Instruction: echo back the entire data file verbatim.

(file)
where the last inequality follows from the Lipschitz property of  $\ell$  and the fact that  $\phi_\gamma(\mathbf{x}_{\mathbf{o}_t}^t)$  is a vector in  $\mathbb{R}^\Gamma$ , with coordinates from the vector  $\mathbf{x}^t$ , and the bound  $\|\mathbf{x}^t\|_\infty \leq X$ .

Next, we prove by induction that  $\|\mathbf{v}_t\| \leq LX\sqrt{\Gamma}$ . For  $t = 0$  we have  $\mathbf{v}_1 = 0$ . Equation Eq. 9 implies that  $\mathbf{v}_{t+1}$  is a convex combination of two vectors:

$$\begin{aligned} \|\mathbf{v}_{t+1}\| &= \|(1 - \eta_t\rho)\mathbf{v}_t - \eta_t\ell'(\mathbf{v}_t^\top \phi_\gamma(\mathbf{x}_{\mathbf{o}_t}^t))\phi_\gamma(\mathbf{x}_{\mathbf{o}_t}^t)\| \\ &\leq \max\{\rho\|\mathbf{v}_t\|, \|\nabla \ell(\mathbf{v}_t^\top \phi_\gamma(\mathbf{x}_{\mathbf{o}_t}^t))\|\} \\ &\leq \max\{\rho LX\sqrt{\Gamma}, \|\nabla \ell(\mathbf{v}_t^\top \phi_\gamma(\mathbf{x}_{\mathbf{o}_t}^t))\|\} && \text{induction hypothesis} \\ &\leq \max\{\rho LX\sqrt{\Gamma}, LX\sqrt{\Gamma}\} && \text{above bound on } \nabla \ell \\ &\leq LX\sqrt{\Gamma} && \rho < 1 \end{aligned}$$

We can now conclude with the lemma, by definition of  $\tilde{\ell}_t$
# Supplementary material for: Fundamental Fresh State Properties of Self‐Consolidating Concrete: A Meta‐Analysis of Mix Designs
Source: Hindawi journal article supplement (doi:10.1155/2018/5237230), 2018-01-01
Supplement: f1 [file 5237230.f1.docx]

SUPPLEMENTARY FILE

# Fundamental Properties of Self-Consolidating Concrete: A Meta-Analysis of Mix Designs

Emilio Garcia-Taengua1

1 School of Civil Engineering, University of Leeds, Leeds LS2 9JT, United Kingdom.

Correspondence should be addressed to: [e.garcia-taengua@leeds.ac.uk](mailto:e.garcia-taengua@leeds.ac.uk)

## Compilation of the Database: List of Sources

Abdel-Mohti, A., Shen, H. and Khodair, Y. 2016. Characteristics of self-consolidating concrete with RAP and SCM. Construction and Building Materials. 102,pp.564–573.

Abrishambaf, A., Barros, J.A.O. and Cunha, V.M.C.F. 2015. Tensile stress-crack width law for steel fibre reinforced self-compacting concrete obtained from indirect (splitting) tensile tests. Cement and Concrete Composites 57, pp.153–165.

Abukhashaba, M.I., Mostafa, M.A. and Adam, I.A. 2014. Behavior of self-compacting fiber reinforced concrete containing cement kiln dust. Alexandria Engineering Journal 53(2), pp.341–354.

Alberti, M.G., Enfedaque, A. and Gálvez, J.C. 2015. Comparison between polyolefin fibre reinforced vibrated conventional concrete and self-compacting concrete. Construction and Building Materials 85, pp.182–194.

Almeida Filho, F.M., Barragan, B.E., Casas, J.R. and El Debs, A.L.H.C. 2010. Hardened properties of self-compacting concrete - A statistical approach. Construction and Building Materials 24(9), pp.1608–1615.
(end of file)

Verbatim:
where the last inequality follows from the Lipschitz property of  $\ell$  and the fact that  $\phi_\gamma(\mathbf{x}_{\mathbf{o}_t}^t)$  is a vector in  $\mathbb{R}^\Gamma$ , with coordinates from the vector  $\mathbf{x}^t$ , and the bound  $\|\mathbf{x}^t\|_\infty \leq X$ .

Next, we prove by induction that  $\|\mathbf{v}_t\| \leq LX\sqrt{\Gamma}$ . For  $t = 0$  we have  $\mathbf{v}_1 = 0$ . Equation Eq. 9 implies that  $\mathbf{v}_{t+1}$  is a convex combination of two vectors:

$$\begin{aligned} \|\mathbf{v}_{t+1}\| &= \|(1 - \eta_t\rho)\mathbf{v}_t - \eta_t\ell'(\mathbf{v}_t^\top \phi_\gamma(\mathbf{x}_{\mathbf{o}_t}^t))\phi_\gamma(\mathbf{x}_{\mathbf{o}_t}^t)\| \\ &\leq \max\{\rho\|\mathbf{v}_t\|, \|\nabla \ell(\mathbf{v}_t^\top \phi_\gamma(\mathbf{x}_{\mathbf{o}_t}^t))\|\} \\ &\leq \max\{\rho LX\sqrt{\Gamma}, \|\nabla \ell(\mathbf{v}_t^\top \phi_\gamma(\mathbf{x}_{\mathbf{o}_t}^t))\|\} && \text{induction hypothesis} \\ &\leq \max\{\rho LX\sqrt{\Gamma}, LX\sqrt{\Gamma}\} && \text{above bound on } \nabla \ell \\ &\leq LX\sqrt{\Gamma} && \rho < 1 \end{aligned}$$

We can now conclude with the lemma, by definition of  $\tilde{\ell}_t$
# Supplementary material for: Fundamental Fresh State Properties of Self‐Consolidating Concrete: A Meta‐Analysis of Mix Designs
Source: Hindawi journal article supplement (doi:10.1155/2018/5237230), 2018-01-01
Supplement: f1 [file 5237230.f1.docx]

SUPPLEMENTARY FILE

# Fundamental Properties of Self-Consolidating Concrete: A Meta-Analysis of Mix Designs

Emilio Garcia-Taengua1

1 School of Civil Engineering, University of Leeds, Leeds LS2 9JT, United Kingdom.

Correspondence should be addressed to: [e.garcia-taengua@leeds.ac.uk](mailto:e.garcia-taengua@leeds.ac.uk)

## Compilation of the Database: List of Sources

Abdel-Mohti, A., Shen, H. and Khodair, Y. 2016. Characteristics of self-consolidating concrete with RAP and SCM. Construction and Building Materials. 102,pp.564–573.

Abrishambaf, A., Barros, J.A.O. and Cunha, V.M.C.F. 2015. Tensile stress-crack width law for steel fibre reinforced self-compacting concrete obtained from indirect (splitting) tensile tests. Cement and Concrete Composites 57, pp.153–165.

Abukhashaba, M.I., Mostafa, M.A. and Adam, I.A. 2014. Behavior of self-compacting fiber reinforced concrete containing cement kiln dust. Alexandria Engineering Journal 53(2), pp.341–354.

Alberti, M.G., Enfedaque, A. and Gálvez, J.C. 2015. Comparison between polyolefin fibre reinforced vibrated conventional concrete and self-compacting concrete. Construction and Building Materials 85, pp.182–194.

Almeida Filho, F.M., Barragan, B.E., Casas, J.R. and El Debs, A.L.H.C. 2010. Hardened properties of self-compacting concrete - A statistical approach. Construction and Building Materials 24(9), pp.1608–1615.